We have recently had a fairly sensible case on section 21 notices, where the Court of Appeal has squashed an attempt by a tenant to wriggle out of getting evicted by claiming that the notice was defective.
This was a situation where the fixed term of the tenancy had expired and the landlord was having to rely on section 21(4) of the Housing Act 1988. The notice used the words “Possession is required of the premises which you hold as tenant(s) at the end of the period of your tenancy which will end after expiry of two months from the service upon you of this notice.”. Section 21(4) contains the following wording:
“that the landlord or, in the case of joint landlords, at least one of them has given to the tenant a notice stating that, after a date specified in the notice, being the last day of a period of the tenancy and not earlier than two months after the date the notice was given, possession of the dwelling-house is required by virtue of this section”.
At first instance an order for possession was made, but the tenant then sought legal advice and decided to run the argument that the wording in the notice did not comply with the notice in the statute, claiming that the possession order should therefore be set aside. The argument went that the phrase “at the end of the tenancy” meant “on the last day” so that the notice did not satisfy section 21.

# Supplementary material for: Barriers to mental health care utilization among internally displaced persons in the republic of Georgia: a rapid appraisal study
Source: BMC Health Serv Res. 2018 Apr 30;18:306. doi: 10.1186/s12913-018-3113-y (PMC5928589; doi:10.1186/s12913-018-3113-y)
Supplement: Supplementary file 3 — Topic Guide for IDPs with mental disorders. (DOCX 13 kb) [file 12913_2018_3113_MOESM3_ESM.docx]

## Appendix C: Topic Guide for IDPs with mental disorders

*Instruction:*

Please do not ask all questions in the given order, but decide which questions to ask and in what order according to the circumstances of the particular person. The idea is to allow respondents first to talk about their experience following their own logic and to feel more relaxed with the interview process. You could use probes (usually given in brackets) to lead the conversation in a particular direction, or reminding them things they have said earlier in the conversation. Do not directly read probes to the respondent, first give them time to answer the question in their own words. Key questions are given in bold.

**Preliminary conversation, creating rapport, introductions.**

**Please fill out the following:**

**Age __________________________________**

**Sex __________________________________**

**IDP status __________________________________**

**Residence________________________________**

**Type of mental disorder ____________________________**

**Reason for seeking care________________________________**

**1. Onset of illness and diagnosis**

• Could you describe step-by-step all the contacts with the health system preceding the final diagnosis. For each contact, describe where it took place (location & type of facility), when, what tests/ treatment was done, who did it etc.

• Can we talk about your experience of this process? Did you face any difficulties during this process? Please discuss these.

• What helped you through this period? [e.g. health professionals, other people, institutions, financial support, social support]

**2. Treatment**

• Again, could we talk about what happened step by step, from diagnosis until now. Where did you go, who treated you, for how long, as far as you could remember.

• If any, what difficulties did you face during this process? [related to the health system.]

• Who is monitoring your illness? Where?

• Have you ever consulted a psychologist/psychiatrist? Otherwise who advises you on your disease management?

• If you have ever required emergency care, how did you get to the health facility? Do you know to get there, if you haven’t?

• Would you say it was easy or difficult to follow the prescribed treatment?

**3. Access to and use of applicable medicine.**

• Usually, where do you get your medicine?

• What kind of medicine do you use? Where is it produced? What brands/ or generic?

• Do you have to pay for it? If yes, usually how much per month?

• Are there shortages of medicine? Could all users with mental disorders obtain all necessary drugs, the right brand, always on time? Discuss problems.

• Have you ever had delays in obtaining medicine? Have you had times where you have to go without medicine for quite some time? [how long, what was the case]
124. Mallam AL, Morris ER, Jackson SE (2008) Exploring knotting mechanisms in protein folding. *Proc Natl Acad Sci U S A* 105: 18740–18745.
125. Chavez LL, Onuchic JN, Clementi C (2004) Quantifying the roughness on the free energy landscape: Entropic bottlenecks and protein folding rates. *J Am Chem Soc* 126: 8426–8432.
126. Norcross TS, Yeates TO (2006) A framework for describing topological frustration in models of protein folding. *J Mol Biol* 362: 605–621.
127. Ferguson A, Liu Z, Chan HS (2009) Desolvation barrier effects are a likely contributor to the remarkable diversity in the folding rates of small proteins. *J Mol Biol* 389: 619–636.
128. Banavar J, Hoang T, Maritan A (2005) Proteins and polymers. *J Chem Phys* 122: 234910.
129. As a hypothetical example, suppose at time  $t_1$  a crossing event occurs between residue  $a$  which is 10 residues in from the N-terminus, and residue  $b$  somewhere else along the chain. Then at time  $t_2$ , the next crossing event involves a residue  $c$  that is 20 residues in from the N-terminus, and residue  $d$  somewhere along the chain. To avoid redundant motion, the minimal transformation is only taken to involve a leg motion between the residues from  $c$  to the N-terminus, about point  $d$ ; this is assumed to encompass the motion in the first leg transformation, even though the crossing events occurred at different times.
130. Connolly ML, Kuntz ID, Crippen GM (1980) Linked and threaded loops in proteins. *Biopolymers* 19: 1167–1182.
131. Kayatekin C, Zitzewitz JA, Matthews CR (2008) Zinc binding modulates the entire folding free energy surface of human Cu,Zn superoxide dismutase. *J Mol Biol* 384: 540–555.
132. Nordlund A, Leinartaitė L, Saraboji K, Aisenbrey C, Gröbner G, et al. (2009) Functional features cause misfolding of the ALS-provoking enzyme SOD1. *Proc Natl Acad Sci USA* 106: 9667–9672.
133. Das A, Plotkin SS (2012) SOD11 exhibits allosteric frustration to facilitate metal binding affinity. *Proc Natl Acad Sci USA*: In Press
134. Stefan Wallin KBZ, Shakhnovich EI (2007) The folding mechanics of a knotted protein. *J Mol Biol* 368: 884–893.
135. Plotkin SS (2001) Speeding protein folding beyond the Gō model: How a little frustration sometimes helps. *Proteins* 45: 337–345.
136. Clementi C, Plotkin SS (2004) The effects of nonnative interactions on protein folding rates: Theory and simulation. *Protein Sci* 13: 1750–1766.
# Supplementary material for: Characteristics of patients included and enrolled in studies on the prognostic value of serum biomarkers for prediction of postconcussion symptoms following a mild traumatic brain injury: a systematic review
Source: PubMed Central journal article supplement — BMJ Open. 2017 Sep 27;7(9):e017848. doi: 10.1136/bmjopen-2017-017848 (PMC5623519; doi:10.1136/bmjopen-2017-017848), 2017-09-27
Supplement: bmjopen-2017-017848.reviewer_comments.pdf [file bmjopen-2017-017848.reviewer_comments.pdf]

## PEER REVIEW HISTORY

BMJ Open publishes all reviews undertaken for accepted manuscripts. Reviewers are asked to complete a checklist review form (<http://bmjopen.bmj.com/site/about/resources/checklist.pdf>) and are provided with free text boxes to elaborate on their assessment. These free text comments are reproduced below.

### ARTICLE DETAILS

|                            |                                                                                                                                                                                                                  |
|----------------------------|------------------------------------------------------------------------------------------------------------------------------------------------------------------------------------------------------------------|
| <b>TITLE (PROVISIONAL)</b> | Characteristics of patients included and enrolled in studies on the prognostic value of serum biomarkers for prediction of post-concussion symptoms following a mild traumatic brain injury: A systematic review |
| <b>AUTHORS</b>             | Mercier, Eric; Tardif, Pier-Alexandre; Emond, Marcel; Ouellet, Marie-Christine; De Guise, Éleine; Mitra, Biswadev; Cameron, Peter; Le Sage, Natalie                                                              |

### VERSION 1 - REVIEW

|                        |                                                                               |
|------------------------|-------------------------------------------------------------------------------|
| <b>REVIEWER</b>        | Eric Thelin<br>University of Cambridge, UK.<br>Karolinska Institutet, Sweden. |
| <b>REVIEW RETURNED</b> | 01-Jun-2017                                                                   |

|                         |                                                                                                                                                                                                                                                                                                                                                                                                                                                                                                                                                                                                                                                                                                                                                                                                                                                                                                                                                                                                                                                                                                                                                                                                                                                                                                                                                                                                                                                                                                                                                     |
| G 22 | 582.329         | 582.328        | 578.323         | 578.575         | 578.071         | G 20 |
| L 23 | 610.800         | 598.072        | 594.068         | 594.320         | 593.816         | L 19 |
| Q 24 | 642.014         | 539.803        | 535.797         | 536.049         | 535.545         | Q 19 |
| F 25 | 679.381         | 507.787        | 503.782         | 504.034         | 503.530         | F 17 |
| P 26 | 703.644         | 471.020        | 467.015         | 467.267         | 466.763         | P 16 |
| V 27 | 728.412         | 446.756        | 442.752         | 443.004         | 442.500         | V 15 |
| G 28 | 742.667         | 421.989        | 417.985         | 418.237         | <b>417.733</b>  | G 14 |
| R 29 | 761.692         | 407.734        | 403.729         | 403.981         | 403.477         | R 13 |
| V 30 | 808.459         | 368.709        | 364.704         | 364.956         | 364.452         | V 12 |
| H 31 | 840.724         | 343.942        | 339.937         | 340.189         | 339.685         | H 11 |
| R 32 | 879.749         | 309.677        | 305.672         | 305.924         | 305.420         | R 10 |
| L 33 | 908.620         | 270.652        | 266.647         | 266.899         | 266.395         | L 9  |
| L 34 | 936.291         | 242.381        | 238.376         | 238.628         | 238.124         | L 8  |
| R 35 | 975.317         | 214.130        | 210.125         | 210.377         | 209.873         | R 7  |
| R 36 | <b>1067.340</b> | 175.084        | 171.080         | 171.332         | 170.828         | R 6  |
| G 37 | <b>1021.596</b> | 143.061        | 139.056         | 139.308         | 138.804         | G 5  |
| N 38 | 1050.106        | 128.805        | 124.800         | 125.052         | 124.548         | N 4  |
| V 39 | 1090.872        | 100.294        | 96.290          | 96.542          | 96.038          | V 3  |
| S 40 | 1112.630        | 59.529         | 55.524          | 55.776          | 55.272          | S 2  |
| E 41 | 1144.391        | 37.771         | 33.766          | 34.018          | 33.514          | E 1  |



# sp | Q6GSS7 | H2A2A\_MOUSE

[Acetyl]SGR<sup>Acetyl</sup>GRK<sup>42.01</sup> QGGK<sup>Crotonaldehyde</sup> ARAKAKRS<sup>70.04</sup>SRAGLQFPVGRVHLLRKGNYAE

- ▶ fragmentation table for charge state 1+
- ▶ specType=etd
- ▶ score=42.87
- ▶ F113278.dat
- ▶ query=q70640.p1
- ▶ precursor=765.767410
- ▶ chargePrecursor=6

Happily however (for the landlord) the Court of Appeal did not agree and found that the notice did comply sufficiently. The court held that the judge had been entitled to conclude that the notice complied with section 21(4)(a) since it was clear that, applying a normal use of language, the phrase “at the end of a tenancy” in a notice under section 21 meant “after the end of the tenancy”. It did not mean at the split second after the tenancy came to an end, but any time thereafter.
This follows other Court of Appeal decisions in the past on notices, where so long as the sense of the notice is clear, the court have not allowed the notice to be defeated by minor technical quibbles. For those who are interested in such things, the name of the case is Nottingham Hill Housing Trust v. Roomus. I have not been able to find a report of this online so am unable to give a link.